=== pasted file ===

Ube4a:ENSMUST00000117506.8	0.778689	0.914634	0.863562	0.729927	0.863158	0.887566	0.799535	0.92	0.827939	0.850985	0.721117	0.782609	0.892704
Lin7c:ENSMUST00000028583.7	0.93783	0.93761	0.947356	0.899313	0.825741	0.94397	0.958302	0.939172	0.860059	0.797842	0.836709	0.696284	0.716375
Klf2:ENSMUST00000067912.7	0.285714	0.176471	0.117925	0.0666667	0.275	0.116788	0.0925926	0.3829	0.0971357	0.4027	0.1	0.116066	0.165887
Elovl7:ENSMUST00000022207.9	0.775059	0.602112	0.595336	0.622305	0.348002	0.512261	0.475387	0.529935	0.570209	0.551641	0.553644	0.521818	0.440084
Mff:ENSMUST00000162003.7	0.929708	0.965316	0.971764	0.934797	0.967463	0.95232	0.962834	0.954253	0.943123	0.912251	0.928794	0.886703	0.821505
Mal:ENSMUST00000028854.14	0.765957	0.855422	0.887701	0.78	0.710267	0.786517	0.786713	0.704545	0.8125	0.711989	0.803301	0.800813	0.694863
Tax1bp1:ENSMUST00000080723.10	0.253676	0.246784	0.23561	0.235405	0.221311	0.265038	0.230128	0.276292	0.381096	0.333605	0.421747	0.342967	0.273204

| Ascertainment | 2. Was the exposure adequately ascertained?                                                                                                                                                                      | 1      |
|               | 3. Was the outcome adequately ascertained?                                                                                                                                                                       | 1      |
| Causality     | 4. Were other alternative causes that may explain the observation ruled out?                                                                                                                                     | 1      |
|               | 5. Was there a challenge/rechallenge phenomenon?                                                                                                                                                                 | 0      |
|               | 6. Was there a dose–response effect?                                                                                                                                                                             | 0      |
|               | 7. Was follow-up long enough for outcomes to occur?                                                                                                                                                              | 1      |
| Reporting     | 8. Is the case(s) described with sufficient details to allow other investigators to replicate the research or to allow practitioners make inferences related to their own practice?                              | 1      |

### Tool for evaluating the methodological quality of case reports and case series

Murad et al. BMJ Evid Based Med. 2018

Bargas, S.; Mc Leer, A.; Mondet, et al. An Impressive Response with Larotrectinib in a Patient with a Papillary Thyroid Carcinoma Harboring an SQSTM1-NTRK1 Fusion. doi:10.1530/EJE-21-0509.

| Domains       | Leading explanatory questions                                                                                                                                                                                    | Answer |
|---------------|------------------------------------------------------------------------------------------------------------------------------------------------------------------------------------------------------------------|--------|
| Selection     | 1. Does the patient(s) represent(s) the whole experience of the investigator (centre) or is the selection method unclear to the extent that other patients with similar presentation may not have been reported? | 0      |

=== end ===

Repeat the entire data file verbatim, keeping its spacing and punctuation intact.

Ube4a:ENSMUST00000117506.8	0.778689	0.914634	0.863562	0.729927	0.863158	0.887566	0.799535	0.92	0.827939	0.850985	0.721117	0.782609	0.892704
Lin7c:ENSMUST00000028583.7	0.93783	0.93761	0.947356	0.899313	0.825741	0.94397	0.958302	0.939172	0.860059	0.797842	0.836709	0.696284	0.716375
Klf2:ENSMUST00000067912.7	0.285714	0.176471	0.117925	0.0666667	0.275	0.116788	0.0925926	0.3829	0.0971357	0.4027	0.1	0.116066	0.165887
Elovl7:ENSMUST00000022207.9	0.775059	0.602112	0.595336	0.622305	0.348002	0.512261	0.475387	0.529935	0.570209	0.551641	0.553644	0.521818	0.440084
Mff:ENSMUST00000162003.7	0.929708	0.965316	0.971764	0.934797	0.967463	0.95232	0.962834	0.954253	0.943123	0.912251	0.928794	0.886703	0.821505
Mal:ENSMUST00000028854.14	0.765957	0.855422	0.887701	0.78	0.710267	0.786517	0.786713	0.704545	0.8125	0.711989	0.803301	0.800813	0.694863
Tax1bp1:ENSMUST00000080723.10	0.253676	0.246784	0.23561	0.235405	0.221311	0.265038	0.230128	0.276292	0.381096	0.333605	0.421747	0.342967	0.273204

| Ascertainment | 2. Was the exposure adequately ascertained?                                                                                                                                                                      | 1      |
|               | 3. Was the outcome adequately ascertained?                                                                                                                                                                       | 1      |
| Causality     | 4. Were other alternative causes that may explain the observation ruled out?                                                                                                                                     | 1      |
|               | 5. Was there a challenge/rechallenge phenomenon?                                                                                                                                                                 | 0      |
|               | 6. Was there a dose–response effect?                                                                                                                                                                             | 0      |
|               | 7. Was follow-up long enough for outcomes to occur?                                                                                                                                                              | 1      |
| Reporting     | 8. Is the case(s) described with sufficient details to allow other investigators to replicate the research or to allow practitioners make inferences related to their own practice?                              | 1      |

### Tool for evaluating the methodological quality of case reports and case series

Murad et al. BMJ Evid Based Med. 2018

Bargas, S.; Mc Leer, A.; Mondet, et al. An Impressive Response with Larotrectinib in a Patient with a Papillary Thyroid Carcinoma Harboring an SQSTM1-NTRK1 Fusion. doi:10.1530/EJE-21-0509.

| Domains       | Leading explanatory questions                                                                                                                                                                                    | Answer |
|---------------|------------------------------------------------------------------------------------------------------------------------------------------------------------------------------------------------------------------|--------|
| Selection     | 1. Does the patient(s) represent(s) the whole experience of the investigator (centre) or is the selection method unclear to the extent that other patients with similar presentation may not have been reported? | 0      |